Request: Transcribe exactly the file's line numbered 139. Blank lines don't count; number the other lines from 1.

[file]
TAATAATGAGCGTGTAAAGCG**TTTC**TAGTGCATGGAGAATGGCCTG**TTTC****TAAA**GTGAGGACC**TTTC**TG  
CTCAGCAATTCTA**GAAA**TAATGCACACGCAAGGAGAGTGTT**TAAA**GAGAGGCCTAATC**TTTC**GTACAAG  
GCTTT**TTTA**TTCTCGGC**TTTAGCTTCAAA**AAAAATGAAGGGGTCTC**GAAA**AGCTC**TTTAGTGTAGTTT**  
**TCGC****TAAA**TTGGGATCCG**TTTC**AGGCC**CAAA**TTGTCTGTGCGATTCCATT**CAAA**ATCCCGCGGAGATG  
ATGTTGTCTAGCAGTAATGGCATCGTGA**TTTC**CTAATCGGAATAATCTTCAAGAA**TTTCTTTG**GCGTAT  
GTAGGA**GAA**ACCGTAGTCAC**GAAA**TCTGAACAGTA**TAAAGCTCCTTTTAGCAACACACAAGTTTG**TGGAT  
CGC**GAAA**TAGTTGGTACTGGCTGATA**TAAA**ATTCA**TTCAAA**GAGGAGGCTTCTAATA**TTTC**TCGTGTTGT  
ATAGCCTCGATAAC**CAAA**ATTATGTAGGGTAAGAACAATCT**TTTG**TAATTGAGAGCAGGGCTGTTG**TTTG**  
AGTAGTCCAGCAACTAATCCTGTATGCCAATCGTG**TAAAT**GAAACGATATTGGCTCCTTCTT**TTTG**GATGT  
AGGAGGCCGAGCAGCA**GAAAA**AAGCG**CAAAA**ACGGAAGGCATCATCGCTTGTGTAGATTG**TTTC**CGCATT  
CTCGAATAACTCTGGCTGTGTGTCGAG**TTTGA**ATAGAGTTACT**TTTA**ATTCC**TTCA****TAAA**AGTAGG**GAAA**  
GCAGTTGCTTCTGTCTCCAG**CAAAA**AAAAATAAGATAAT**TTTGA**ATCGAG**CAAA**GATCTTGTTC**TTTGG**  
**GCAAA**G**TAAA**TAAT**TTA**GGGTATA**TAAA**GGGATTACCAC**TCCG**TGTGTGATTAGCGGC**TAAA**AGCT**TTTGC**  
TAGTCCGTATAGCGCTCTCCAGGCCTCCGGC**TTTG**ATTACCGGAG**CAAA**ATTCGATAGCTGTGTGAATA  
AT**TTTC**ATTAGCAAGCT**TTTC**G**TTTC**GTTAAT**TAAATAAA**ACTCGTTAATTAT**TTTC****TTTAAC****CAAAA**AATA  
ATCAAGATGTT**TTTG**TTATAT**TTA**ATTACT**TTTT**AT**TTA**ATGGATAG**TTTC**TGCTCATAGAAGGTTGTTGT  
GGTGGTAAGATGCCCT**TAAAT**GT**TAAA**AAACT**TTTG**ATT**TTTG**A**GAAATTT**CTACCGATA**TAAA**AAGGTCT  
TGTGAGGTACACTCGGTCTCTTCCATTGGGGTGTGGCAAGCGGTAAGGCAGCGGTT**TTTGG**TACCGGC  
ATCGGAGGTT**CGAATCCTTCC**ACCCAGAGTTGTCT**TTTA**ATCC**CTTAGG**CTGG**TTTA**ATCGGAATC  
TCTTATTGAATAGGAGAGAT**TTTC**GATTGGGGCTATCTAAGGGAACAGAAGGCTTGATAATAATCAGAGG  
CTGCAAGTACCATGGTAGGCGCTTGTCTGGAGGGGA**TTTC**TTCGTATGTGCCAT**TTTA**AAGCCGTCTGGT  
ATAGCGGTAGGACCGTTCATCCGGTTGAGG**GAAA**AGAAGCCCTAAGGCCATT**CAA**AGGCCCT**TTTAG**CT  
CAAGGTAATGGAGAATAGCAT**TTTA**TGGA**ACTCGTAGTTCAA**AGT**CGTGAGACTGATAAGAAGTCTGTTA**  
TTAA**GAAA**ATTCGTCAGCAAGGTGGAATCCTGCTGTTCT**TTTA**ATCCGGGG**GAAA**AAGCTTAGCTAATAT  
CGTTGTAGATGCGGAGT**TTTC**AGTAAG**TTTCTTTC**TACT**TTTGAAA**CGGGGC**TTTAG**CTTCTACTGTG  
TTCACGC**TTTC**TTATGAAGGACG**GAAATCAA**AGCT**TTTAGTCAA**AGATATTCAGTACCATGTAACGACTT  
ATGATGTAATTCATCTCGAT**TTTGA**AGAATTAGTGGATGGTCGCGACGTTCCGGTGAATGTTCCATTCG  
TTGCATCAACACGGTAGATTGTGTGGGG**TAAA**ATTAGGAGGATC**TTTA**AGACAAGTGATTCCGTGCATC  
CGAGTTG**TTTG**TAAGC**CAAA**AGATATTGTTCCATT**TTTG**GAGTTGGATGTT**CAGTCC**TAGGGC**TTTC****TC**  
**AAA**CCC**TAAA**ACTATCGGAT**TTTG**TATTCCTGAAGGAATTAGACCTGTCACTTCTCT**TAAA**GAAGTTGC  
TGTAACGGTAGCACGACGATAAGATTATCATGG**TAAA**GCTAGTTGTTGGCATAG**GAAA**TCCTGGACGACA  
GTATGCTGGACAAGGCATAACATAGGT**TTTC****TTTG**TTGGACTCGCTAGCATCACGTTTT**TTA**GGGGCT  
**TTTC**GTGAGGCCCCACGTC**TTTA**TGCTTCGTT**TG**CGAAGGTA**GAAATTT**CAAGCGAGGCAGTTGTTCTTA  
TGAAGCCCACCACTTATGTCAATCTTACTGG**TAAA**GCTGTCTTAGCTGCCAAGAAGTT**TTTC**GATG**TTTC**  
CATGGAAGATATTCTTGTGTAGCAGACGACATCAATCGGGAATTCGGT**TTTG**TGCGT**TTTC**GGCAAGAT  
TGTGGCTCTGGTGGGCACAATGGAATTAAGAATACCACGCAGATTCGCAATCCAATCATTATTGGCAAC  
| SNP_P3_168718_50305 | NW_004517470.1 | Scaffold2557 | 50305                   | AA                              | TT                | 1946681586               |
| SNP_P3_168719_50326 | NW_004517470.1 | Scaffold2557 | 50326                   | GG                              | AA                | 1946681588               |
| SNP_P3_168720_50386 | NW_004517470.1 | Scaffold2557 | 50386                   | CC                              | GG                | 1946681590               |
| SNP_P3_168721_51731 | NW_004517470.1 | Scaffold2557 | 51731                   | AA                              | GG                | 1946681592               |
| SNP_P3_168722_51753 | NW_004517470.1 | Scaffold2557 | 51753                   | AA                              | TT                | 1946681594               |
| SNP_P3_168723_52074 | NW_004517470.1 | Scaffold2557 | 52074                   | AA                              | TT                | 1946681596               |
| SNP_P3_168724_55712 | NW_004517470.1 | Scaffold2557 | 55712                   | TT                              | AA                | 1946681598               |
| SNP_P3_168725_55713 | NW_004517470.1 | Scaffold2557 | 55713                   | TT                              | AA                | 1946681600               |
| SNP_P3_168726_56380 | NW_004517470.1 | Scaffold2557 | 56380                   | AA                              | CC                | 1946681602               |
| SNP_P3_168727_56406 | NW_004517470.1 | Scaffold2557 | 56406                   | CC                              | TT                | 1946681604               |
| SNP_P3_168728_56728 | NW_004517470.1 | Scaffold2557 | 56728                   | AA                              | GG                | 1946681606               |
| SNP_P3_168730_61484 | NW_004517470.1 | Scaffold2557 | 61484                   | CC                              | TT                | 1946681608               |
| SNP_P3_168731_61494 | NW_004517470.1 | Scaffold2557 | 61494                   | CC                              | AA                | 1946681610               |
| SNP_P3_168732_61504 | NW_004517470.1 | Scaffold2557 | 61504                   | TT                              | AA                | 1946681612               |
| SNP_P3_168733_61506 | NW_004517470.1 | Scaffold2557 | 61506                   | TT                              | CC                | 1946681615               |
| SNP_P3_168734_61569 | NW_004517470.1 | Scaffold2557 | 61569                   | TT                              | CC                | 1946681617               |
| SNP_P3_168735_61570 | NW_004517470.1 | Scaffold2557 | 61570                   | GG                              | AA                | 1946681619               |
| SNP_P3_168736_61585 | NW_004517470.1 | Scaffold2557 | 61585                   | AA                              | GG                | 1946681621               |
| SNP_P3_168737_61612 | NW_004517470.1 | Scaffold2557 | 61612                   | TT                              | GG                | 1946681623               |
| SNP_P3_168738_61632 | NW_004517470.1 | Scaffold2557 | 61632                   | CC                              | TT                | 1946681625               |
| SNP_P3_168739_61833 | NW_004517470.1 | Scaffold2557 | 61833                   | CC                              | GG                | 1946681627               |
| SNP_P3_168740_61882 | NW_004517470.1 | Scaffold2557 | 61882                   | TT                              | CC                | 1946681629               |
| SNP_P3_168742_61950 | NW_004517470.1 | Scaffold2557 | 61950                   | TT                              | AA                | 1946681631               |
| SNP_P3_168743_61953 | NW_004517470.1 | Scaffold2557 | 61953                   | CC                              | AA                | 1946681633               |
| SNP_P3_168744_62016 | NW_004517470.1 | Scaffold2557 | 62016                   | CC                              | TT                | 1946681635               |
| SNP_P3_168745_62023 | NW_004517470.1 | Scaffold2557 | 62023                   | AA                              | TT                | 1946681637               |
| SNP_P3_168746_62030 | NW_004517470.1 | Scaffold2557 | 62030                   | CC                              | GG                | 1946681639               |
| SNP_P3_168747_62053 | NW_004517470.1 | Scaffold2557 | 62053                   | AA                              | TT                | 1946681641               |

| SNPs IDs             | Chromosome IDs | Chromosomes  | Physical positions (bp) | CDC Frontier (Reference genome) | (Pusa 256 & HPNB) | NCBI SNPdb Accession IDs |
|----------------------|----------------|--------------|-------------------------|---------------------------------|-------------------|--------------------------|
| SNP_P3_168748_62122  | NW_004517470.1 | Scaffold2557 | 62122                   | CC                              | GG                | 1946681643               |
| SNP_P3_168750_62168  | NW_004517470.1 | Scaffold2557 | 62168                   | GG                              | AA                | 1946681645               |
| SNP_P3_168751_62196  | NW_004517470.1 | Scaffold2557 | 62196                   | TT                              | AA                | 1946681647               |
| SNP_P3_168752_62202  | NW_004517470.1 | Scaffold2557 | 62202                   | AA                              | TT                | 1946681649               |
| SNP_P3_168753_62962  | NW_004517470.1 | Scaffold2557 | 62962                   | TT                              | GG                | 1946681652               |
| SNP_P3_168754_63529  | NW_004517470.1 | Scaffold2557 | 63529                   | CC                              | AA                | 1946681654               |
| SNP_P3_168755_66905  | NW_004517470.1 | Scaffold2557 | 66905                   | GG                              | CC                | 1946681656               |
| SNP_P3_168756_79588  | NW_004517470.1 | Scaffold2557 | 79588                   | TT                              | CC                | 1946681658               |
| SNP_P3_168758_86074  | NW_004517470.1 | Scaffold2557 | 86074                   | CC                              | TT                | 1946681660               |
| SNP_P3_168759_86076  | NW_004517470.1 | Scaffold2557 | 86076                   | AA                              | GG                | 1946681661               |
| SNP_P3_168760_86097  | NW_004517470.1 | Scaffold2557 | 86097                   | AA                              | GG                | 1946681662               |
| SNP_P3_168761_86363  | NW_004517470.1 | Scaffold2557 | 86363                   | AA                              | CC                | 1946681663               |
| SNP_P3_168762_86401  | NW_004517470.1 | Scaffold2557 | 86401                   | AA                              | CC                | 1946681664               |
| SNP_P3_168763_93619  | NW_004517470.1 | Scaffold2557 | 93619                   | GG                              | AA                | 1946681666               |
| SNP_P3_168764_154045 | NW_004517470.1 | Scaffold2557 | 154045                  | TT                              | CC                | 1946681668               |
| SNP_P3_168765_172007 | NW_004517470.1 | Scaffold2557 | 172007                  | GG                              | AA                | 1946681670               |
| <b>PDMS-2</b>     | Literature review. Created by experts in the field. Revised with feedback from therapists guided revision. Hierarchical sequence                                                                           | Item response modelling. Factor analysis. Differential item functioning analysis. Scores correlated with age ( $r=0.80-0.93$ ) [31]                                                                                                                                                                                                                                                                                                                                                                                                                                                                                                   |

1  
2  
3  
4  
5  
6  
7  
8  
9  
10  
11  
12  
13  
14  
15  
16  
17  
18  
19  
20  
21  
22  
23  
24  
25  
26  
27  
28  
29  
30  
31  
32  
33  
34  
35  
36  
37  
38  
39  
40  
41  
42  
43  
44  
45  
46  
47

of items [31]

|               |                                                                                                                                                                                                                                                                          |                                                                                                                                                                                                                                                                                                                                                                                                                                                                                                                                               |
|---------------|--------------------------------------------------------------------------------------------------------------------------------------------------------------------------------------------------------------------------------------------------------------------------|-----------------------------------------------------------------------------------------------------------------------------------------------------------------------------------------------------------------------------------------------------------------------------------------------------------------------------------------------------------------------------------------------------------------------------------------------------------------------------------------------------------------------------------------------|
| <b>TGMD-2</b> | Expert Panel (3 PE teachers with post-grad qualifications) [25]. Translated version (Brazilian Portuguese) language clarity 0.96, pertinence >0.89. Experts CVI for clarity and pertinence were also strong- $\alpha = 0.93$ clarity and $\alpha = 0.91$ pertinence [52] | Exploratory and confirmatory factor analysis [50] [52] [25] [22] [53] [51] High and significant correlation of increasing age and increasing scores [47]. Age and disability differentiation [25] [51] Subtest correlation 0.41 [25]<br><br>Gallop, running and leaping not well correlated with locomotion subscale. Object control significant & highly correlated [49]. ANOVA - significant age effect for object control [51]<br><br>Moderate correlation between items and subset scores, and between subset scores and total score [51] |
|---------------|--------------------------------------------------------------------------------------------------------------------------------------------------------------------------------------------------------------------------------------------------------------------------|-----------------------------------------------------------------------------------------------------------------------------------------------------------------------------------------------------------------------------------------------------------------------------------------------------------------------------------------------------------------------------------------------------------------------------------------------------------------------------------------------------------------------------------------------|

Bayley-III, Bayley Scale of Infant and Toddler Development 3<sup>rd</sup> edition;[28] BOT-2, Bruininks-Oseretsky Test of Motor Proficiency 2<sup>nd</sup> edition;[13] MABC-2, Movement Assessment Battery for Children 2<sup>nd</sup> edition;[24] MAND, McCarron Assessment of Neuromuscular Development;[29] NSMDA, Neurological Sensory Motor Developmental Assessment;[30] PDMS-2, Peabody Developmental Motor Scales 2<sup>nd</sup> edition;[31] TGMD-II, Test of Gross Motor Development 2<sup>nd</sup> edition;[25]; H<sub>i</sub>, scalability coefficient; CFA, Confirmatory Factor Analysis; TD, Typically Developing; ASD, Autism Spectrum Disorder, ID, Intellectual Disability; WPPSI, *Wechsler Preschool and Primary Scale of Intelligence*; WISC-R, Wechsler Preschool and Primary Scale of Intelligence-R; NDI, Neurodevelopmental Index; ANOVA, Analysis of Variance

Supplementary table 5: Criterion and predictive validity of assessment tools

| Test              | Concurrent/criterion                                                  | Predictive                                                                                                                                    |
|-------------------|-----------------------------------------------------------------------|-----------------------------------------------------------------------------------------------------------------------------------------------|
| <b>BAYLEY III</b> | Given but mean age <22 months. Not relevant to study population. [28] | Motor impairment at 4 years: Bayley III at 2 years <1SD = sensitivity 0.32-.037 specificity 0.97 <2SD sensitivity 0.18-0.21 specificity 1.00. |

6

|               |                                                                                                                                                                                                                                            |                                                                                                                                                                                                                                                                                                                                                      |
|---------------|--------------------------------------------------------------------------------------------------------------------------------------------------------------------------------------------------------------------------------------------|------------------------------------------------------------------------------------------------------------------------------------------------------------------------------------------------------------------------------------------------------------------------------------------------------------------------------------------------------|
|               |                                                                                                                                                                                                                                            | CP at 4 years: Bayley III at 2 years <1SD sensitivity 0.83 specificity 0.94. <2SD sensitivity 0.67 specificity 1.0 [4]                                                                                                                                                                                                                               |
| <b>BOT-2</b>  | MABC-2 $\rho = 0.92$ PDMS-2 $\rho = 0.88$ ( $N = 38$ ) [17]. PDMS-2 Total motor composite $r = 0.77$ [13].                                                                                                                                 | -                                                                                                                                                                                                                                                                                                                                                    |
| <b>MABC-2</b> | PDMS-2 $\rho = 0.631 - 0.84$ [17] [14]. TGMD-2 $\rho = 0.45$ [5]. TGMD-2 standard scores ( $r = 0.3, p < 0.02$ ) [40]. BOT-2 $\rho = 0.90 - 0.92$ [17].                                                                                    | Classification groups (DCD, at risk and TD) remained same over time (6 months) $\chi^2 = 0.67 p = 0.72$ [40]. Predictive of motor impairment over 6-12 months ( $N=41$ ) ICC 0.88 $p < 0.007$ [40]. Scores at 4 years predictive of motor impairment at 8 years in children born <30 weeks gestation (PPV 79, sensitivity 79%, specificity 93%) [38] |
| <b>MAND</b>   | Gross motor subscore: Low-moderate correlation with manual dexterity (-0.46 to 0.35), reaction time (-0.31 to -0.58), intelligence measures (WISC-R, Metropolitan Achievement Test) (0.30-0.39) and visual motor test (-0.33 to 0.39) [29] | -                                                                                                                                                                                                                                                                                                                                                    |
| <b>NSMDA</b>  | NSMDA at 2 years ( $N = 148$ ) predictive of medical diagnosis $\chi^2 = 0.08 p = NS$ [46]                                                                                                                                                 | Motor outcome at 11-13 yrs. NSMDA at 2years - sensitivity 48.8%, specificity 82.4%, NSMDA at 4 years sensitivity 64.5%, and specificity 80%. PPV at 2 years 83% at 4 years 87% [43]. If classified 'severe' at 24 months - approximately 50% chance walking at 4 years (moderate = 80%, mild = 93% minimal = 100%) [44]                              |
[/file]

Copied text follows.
|-------------------|-----------------------------------------------------------------------|-----------------------------------------------------------------------------------------------------------------------------------------------|